# [Tutor] Merge Sort Algorithm

Elo Okonkwo elo.okonkwo at gmail.com
Thu Mar 30 01:18:34 EDT 2017

```Thanks so much everyone.

I've figured it out. It was the recursive bit that got me confused, its a
bit difficult debugging recursive functions.

On Wed, Mar 29, 2017 at 1:36 AM, Steven D'Aprano <steve at pearwood.info>
wrote:

> On Tue, Mar 28, 2017 at 03:56:16PM +0100, Elo Okonkwo wrote:
> > Can someone pls explain this Merge Sort Algorithm, especially the
> Recursive
> > bit of it.
>
> Take a pack of cards and shuffle them. Now you want to sort the cards.
>
> Put the cards down in a pile in front of you and think about sorting it.
> There are 52 cards in a Western deck of cards, so that's a lot of cards
> to sort. Let's make the job easier:
>
> (1) Split the deck into two piles, half in each pile. Now you only
> have to sort 26 cards at a time, which is much easier.
>
> (2) After you sort the first pile of 26, and then sort the second pile
> of 26, then you merge the two piles, keeping the same order: Turn the
> piles upside down, turn over the top card of each pile so you can see
> it, and start moving cards from the two piles to a third. Pick whichever
> card is smaller, move it to pile number 3, then turn over the next card
> so you can see what it is. Repeat until all the cards from the two piles
> are merged into a single pile, which is sorted.
>
> Now comes the recursive step.
>
> (3) In step 1, I said that sorting 26 cards is easier than sorting 52
> cards. This is true, but sorting 26 cards is still not that much fun.
> Let's make it easier: split the pile of 26 cards into two halves, and
> sort each half. Then merge the two halves together, and your pile of 26
> cards is sorted.
>
> Recursive step:
>
> (4) In step 3 I said that sorting 13 cards is easier than sorting 26
> cards. This is true, but sorting 13 cards is still not that much fun.
> Let's make it easier: split the pile of 13 cards into two (nearly) equal
> halves, and sort each half. Then merge the two halves together, and your
> pile of 13 cards is sorted.
>
> Recursive step:
>
> (5) In step 4 I said that sorting 7 cards is easier than sorting 13
> cards. This is true, but sorting 7 cards is still not that much fun.
> Let's make it easier: split the pile of 7 cards into two (nearly) equal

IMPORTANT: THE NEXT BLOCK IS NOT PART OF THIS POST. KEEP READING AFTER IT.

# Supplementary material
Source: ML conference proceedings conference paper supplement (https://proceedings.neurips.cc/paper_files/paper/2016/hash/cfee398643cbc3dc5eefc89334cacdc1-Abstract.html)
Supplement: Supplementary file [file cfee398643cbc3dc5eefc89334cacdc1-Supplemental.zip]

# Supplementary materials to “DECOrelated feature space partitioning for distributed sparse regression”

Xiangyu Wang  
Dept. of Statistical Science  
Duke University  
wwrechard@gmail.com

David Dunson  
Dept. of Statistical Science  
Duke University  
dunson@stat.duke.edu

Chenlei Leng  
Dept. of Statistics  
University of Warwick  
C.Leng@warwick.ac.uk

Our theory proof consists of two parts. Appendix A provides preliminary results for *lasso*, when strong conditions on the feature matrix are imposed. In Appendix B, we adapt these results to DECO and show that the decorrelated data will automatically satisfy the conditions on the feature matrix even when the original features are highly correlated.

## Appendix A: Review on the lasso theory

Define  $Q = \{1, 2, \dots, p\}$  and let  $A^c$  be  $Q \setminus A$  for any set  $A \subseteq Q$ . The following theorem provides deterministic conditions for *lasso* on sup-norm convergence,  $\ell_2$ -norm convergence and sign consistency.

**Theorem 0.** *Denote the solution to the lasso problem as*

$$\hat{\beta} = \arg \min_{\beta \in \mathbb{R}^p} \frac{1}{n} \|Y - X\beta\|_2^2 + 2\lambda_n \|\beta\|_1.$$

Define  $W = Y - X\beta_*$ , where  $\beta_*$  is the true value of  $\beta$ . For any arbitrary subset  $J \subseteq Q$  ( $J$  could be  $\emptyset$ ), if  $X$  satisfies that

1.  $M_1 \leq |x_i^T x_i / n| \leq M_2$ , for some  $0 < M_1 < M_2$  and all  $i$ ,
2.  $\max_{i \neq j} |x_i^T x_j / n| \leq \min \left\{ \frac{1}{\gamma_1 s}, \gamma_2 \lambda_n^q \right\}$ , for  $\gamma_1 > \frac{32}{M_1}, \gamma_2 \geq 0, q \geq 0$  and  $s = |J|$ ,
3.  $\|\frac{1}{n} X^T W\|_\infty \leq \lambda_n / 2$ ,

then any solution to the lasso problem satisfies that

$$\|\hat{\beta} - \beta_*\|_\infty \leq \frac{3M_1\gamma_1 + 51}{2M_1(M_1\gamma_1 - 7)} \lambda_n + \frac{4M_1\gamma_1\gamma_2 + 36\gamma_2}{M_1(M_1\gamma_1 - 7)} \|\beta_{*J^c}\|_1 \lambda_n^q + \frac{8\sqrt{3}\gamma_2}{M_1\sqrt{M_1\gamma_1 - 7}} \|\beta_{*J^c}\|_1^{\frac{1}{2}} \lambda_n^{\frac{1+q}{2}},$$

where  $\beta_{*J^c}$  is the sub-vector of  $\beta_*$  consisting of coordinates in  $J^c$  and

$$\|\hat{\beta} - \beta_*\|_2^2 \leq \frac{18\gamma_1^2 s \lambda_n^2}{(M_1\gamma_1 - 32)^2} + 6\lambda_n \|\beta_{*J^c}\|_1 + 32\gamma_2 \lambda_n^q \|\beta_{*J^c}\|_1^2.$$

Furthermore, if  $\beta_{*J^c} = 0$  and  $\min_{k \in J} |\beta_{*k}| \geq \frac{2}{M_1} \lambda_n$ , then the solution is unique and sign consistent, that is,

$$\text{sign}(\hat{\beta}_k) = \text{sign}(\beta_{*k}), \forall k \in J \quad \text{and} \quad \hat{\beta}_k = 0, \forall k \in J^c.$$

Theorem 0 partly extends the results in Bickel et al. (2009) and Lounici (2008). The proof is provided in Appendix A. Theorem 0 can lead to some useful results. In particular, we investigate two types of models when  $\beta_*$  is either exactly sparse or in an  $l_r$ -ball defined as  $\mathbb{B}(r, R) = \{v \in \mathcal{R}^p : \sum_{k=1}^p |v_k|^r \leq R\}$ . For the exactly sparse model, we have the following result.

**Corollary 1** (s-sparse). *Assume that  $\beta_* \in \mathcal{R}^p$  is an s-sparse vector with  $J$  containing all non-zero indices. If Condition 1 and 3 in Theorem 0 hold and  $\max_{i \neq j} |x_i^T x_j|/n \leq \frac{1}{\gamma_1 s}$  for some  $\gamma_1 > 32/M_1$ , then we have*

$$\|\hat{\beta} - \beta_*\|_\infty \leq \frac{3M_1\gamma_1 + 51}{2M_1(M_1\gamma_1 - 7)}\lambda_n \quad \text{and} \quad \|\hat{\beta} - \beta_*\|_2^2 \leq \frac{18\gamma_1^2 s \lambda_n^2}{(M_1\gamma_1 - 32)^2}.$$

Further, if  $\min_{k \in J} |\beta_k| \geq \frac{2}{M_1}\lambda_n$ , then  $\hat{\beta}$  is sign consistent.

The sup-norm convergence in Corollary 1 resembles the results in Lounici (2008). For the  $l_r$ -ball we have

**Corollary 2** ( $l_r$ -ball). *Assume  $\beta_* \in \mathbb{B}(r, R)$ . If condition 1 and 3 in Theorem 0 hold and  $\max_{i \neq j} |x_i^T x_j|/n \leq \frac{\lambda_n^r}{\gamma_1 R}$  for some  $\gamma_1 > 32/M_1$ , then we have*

> halves, and sort each half. Then merge the two halves together, and your
> pile of 7 cards is sorted.
>
> (6) In step 5 I said that sorting 4 cards is easier than sorting 7
> cards. This is true, but sorting 4 cards is still not that much fun.
> Let's make it easier: split the pile of 4 cards into two (nearly) equal
> halves, and sort each half. Then merge the two halves together, and your
> pile of 4 cards is sorted.
>
> (7) In step 6 I said that sorting 2 cards is easier than sorting 4
> cards. This is true, but sorting 2 cards is still not that much fun.
> Let's make it easier: split the pile of 2 cards into two (nearly) equal
> halves, and sort each half. Then merge the two halves together, and your
> pile of 2 cards is sorted.
>
> (8) In step 7 I said that sorting 1 card is easier than sorting 2
> cards. This is true, because 1 card is automatically sorted, and I
> don't have to think about it at all.
>
>
> So merge sort takes a big job (sorting 52 cards) and repeatedly splits
> it into two smaller jobs, until the job is so simple even a computer can
> do it: sorting 1 card takes no brains at all. Then it merges 1 card and
> 1 card together, keeping them in order, to get two. Then it goes back to
> the other pair of 1 card piles, and merges them. Then it merges the two
> piles of two cards to get a pile of four cards, and so on, until it ends
> up merging two sorted piles of 26 cards, and then the job is done.
>
> You should actually try this as an exercise. Literally get a pile of
> cards and go through the steps until it makes sense.
>
> For a *person*, this is not an efficient way to sort cards, but for
> computers it is very efficient, especially if you had millions of cards
> to sort.
>
>
> --
> Steve
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```